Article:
United Kingdom

United Kingdom

EDF achieves first power on UK's last Round 1 project

3 turbines now energised at 62MW Teesside

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First power has been achieved at EDF's 62MW Teesside wind farm, off England's north east coast. Three of the 27 Siemens 2.3MW turbines that will power the project are feeding electricity into the grid.

Teesside is the last remaining offshore wind farm from the UK's first tender round to be built. Thus far, 18 of the wind farm's 27 turbines have been installed, with MPI Adventure deployed on the job.

Commenting on the achievement of first power, EDF Energy Renewables UK chief executive, Christian Egal, told Windpower Offshore that the company "began working on Teesside ten years ago, with the design completed eight years ago. All Round 1 projects were less than 100MW in capacity. Of course, now we are in the process of developing much larger projects."

Teesside's progress was hampered by slow permitting, and its construction has been delayed, at times, due to equipment failures. But the end is now in sight, with full power not far off.

"Planning consent was challenged, so we lost a year to judicial review," explained Egal, reflecting on the lengthy effort to bring Teesside to fruition. Another complication was the way in which timing of final regulatory consent coincided with economic uncertainty. "Consent was granted in 2008, but this was a difficult year for project finance and it took us time to proceed to the construction phase," said Egal.

EDF also owns a 50% stake in the 1.1GW Navitus Bay project and, in France, the company is leading a series of consortia that will build three 500MW offshore wind farms. It is expected to bid for additional projects during France’s ongoing second tender.

Navitus Bay

EDF bid for UK Round 2 and 3 projects, but was not awarded any. This prompted the company to explore the option of partnering with a developer that had been more successful. "The partnership between Eneco and EDF has demonstrated a good fit. Navitus Bay is aligned with our strategy to develop gradually larger projects, step by step, and is similar to the projects we’re developing in France," explained Egal. "We are working on offshore wind projects that are of a medium size in order to learn with each project and not to go too fast."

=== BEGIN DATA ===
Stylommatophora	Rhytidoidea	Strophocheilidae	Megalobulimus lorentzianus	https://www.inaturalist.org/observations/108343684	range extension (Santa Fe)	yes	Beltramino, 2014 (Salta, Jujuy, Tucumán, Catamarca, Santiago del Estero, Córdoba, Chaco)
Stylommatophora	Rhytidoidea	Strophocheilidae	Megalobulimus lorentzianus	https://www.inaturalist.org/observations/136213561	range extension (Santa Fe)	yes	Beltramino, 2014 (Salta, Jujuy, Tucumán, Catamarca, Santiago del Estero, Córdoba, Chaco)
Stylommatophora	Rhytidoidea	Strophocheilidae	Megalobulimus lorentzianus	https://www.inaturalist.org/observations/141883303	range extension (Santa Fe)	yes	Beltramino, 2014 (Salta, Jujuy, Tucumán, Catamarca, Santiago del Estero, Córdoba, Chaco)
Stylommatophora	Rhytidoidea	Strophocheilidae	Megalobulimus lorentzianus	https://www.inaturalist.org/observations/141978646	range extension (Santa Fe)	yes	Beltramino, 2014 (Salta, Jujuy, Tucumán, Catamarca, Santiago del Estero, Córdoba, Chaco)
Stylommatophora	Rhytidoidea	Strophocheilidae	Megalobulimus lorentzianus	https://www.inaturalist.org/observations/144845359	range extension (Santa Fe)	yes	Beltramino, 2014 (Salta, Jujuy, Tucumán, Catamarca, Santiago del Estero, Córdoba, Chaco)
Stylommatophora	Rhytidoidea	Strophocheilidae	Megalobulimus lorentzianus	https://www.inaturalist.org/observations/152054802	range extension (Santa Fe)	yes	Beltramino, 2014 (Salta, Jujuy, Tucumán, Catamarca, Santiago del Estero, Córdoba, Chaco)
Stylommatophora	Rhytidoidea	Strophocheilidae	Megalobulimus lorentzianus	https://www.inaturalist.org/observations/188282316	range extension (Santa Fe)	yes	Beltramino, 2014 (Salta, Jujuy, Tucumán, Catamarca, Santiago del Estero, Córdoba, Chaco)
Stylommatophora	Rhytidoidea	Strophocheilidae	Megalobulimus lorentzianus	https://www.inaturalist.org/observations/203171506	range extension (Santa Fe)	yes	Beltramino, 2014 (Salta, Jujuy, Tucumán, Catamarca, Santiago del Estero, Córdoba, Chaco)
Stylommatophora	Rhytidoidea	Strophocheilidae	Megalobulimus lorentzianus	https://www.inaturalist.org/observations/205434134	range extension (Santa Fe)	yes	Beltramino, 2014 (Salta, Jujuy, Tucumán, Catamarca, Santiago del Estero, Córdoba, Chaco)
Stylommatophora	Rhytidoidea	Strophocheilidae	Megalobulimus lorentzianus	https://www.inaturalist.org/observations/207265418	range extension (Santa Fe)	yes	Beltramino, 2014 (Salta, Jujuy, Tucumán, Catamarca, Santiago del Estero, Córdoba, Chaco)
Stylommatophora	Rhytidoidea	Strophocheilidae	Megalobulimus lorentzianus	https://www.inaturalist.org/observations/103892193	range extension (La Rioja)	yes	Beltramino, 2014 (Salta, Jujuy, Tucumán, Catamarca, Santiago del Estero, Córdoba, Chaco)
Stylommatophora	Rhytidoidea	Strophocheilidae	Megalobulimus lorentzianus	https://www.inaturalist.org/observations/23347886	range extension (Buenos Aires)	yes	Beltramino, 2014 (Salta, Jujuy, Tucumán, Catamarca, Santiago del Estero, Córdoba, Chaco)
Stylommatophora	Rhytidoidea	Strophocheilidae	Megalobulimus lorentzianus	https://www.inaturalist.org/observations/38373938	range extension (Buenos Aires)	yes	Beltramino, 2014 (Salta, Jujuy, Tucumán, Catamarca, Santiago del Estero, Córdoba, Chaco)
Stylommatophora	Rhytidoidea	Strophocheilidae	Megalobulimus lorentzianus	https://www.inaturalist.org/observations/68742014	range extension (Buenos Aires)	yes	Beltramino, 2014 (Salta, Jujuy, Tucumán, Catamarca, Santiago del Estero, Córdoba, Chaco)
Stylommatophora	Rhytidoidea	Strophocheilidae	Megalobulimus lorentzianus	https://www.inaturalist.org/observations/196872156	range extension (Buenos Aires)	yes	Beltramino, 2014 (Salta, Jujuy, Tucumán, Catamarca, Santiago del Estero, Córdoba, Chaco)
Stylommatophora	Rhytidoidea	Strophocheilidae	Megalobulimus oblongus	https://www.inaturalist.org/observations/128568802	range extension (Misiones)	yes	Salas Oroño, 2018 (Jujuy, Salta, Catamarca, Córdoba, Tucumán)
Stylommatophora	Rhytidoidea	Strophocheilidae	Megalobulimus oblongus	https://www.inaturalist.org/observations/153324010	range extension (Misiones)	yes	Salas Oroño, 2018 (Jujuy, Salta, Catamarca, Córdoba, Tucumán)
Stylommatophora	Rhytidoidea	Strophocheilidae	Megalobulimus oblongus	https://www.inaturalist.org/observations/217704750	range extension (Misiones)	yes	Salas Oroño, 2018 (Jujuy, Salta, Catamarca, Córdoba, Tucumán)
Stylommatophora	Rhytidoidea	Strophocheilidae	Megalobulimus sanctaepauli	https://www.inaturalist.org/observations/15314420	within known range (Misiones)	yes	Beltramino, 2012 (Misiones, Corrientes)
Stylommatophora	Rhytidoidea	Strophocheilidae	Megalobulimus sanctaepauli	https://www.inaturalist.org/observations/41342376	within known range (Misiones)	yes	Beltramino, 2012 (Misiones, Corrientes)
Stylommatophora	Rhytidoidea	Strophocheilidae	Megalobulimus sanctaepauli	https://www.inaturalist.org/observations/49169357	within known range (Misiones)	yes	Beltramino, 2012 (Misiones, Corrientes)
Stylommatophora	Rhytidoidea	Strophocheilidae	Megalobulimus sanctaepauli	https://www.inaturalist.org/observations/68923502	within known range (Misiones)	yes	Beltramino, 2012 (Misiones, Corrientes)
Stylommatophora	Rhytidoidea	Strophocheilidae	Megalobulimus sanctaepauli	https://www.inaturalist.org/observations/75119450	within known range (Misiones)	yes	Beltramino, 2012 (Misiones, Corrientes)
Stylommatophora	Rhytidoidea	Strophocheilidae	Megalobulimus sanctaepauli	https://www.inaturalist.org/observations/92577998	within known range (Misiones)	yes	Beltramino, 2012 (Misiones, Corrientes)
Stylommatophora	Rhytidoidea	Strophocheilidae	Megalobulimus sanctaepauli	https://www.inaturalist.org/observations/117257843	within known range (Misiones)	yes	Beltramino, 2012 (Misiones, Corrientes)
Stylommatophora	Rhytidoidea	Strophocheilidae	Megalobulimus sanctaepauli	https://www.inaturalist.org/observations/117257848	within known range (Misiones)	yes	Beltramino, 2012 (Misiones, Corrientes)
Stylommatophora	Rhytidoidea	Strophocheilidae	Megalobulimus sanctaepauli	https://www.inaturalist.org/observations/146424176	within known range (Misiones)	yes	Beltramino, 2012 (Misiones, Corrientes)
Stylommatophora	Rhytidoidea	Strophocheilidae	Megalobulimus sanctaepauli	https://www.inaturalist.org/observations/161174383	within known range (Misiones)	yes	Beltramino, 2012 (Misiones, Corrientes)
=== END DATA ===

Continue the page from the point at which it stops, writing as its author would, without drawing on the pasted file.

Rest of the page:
The 1.1GW Navitus Bay project has made headlines in the UK mainstream press thanks to protests for and against the offshore wind farm. Egal acknowledged that visual impacts are an issue of public contention for some. "The project team takes visual impacts very seriously and has engaged with all parties," he said. A revision to the project design was announced late last year and included a significant reduction in the number of turbines and an increase in the project's distance from the Dorset coast.

Submission of a consent application for Navitus Bay is currently scheduled for 2014. If regulatory approval is issued without delay, the project is scheduled for construction during 2017-2019.

Asked whether EDF is looking to invest in more offshore wind projects, beyond Navitus Bayand those in France, Egal offered a qualified no. "So far in the UK we don't have plans to build anything else in the UK between Teesside and Navitus Bay, but never say never. If there is an opportunity we may consider it. But we have no target in terms of the number of offshore wind projects or capacity that we should build. There is no pressure from the group or shareholders to increase the number."

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